First, the good. At a press conference yesterday following the ruling, when asked about her reaction to the decision, a smiling California Attorney General Kamala Harris said, ”I’m feeling pretty good,” telling the crowd that marriage equality is coming back to California:
“As soon as [the 9th Circuit] lifts that stay, marriages are on. The wedding bells will ring … Today is a day that reaffirms our commitment as a country to giving every person equal protection and due process under the law.”
During the press conference, Harris asked the Ninth Circuit to expedite its process of lifting the stay on Judge Walker’s injunction against the enforcement of Proposition 8. An official with the circuit court told the Los Angeles Times the court had not received any paperwork asking for the process to be sped up.
Writing on his blog Blabbeando, Andrés Duque shared a wonderful image of Thomas Verni, the New York City Police Department’s LGBT community liaison, kissing his partner Joe Moran shortly after proposing to him in the West Village.
True to form, Michelle Bachmann decried the Supreme Court’s rulings, issuing the following statement: ”Marriage was created by the hand of God. No man, not even a Supreme Court, can undo what a holy God has instituted.” House Minority Leader Nancy Pelosi had the best reaction, hands down, to that sentiment, when asked by a reporter what she thought of it: “Who cares?”
Rachel Maddow had thorough coverage of the day’s decisions, featuring interviews with the plaintiffs from a celebration in West Hollywood and a sit down with Edie Windsor’s lawyer, Roberta Kaplan, in the MSNBC studios.
The Daily Show’s John Oliver–standing in for Jon Stewart–waved a giant rainbow flag as he sang a few modified strains of ‘Do You Hear the People Sing?’ from Les Misérables, while Jason Jones and Al Madrigal prepared to marry in what Oliver described as ‘a 1980s stereotype.’
And, of course, there were the negative reactions. Speaking with a New Jersey radio station, Governor Chris Christie–who last year vetoed a marriage equality bill approved by the state’s legislature–railed against the end of DOMA and Prop 8:
I don’t think the ruling was appropriate. I think it was wrong. They, the Court, without a basis in standing, substituted their own judgment for the judgment of a Republican Congress and a Democratic President. In the Republican Congress in the ‘90s and Bill Clinton. I thought that Justice Kennedy’s opinion was, in many respects, incredibly insulting to those people, 340-some members of Congress who voted for the Defense of Marriage Act, and Bill Clinton.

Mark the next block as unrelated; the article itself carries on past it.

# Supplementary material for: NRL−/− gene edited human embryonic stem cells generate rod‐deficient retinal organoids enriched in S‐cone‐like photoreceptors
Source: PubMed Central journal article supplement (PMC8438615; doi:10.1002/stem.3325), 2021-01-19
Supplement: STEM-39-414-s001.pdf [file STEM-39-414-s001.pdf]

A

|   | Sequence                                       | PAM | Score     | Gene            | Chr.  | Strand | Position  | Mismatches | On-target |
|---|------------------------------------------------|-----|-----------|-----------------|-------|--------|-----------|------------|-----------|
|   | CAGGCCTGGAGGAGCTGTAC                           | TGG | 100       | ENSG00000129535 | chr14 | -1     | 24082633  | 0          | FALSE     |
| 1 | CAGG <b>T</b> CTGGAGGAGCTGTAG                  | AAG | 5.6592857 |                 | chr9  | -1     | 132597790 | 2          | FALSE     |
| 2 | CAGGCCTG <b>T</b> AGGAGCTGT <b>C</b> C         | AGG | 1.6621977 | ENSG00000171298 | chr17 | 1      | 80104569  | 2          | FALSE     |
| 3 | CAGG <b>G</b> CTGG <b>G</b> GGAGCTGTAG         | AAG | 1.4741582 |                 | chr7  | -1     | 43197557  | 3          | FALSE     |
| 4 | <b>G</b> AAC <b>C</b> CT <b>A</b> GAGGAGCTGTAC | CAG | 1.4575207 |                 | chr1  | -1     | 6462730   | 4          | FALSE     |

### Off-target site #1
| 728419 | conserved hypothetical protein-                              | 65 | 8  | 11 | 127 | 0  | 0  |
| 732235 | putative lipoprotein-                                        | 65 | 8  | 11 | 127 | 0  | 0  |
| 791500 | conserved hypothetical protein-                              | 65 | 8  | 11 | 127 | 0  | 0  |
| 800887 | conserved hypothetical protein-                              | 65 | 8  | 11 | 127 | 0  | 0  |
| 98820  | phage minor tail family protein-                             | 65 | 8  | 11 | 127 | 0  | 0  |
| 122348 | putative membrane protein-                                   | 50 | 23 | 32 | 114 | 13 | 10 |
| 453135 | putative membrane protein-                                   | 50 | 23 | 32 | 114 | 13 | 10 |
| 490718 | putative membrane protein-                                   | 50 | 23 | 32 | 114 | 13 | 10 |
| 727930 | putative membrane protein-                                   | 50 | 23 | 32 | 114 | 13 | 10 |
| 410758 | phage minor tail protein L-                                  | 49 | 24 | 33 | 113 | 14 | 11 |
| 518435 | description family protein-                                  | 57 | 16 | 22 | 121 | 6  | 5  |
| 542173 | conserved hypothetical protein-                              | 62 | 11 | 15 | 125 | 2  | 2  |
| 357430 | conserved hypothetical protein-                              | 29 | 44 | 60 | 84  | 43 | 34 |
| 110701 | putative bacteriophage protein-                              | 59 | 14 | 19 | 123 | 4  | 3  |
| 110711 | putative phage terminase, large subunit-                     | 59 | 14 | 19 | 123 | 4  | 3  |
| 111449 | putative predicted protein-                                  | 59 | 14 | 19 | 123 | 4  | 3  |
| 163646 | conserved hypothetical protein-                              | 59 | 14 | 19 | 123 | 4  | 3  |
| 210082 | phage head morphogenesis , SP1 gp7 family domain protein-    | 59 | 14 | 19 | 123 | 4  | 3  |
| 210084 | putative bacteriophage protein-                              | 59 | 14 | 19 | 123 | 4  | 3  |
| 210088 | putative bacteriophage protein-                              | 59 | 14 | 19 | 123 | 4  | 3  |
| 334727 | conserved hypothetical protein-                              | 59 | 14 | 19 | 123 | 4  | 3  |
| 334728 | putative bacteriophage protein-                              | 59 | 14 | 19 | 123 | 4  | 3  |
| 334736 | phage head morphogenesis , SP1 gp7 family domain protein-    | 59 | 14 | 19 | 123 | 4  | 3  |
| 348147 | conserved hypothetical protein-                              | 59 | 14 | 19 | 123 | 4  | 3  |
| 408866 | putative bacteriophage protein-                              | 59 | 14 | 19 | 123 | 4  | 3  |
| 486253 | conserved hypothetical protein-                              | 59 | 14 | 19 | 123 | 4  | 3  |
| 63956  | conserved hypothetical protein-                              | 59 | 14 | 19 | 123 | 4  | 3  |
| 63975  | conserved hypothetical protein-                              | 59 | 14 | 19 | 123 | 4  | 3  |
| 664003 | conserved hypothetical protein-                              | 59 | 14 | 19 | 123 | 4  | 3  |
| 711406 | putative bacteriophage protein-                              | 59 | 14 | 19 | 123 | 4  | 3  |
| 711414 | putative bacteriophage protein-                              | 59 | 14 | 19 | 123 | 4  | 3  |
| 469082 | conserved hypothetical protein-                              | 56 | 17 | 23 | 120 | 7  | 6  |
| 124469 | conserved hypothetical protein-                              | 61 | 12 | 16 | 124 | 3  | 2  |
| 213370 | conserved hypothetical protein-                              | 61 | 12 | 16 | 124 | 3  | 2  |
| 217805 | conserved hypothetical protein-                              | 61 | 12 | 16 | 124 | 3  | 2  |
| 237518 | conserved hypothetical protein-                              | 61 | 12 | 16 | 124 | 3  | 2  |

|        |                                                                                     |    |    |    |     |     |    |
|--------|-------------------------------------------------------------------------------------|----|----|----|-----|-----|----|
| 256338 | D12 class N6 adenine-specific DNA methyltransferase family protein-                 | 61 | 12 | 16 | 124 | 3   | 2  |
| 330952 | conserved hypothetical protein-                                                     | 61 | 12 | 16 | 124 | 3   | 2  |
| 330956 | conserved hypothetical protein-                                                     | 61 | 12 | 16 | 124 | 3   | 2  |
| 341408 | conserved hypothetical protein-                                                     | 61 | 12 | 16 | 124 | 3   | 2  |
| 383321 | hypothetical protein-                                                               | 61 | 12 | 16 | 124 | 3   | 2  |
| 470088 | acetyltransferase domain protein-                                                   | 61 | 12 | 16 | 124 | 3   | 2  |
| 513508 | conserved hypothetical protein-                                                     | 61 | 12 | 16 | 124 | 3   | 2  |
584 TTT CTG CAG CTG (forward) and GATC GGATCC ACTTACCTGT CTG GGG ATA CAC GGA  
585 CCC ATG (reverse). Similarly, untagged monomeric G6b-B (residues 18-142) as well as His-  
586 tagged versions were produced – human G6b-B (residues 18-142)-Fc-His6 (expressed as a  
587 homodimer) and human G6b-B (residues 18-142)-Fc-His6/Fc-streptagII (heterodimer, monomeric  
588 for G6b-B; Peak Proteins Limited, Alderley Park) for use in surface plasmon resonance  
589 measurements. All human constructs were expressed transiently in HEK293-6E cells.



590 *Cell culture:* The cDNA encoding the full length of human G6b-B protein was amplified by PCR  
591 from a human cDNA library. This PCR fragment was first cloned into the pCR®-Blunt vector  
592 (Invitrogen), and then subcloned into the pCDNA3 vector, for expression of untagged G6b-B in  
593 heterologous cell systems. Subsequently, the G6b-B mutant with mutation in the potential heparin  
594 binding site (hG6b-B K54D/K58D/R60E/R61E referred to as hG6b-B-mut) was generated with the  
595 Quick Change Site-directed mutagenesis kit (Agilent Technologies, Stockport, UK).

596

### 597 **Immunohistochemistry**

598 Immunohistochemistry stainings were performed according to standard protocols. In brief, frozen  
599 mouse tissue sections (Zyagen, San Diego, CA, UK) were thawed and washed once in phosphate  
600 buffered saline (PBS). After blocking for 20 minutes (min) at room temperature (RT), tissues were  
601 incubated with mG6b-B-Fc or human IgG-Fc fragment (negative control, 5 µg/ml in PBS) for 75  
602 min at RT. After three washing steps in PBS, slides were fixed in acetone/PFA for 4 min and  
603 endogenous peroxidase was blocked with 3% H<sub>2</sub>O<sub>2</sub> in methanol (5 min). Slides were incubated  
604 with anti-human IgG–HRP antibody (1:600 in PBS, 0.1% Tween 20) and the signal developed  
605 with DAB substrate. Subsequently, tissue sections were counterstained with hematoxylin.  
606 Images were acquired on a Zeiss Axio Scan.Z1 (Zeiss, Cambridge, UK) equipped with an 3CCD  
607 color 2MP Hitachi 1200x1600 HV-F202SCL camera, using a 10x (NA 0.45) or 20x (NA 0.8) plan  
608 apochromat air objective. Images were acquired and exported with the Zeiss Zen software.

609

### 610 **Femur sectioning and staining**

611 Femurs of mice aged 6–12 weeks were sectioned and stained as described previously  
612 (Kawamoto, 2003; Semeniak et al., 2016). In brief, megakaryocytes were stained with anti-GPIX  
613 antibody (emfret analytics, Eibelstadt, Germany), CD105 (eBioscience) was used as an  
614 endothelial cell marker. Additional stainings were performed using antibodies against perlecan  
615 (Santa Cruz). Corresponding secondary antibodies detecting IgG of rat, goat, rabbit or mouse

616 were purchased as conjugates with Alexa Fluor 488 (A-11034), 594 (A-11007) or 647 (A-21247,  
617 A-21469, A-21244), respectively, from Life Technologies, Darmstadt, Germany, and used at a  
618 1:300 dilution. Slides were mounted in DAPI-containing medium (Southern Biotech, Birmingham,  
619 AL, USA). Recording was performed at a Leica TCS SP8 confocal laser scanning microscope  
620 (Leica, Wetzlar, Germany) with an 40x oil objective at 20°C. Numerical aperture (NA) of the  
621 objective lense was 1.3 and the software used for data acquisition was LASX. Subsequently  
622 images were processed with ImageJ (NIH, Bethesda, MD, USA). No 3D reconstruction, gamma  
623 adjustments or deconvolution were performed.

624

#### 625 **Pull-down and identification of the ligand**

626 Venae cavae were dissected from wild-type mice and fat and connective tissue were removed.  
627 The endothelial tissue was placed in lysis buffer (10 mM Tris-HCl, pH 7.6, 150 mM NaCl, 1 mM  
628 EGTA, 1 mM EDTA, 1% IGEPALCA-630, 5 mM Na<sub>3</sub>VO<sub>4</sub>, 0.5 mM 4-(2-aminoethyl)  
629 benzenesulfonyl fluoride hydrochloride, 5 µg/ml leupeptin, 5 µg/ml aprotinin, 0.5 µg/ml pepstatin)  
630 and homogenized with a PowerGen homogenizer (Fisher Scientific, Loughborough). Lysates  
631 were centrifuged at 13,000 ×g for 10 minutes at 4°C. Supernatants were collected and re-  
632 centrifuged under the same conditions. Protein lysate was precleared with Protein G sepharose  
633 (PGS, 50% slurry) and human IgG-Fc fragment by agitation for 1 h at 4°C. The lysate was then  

Finally, Tim Heulskamp, a Republican representative from Kansas, said that he would introduce a new Federal Marriage Amendment by the end of this week which would essentially write a new DOMA into the U.S. Constitution. Such a move, he told the Huffington Post, would “trump the Constitution.” It’s a hail-mary move with almost no chance of passing: in 2006, when Republicans controlled both houses of Congress, the bill failed to secure the votes it needed to pass.
2 CommentsJune 27, 2013
By Scottie Thomaston
The U.S. Supreme Court declined to review more LGBT rights cases yesterday.
Yesterday, after the Supreme Court issued its final decisions of the term, it held a conference to determine what the Court should do about the remaining petitions for review in cases related to marriage equality. Recall that although Windsor was the only DOMA case ultimately accepted for review, the Court was actually asked to hear several more challenges to the Act. And although the Prop 8 case was ultimately the vehicle chosen to discuss, possibly, marriage equality, the Court was faced with other cases.
Today’s order list by the Court resolves these DOMA cases, and addresses the petitions in the marriage and benefits cases in their early stages, without commenting on a final outcome so early in the process.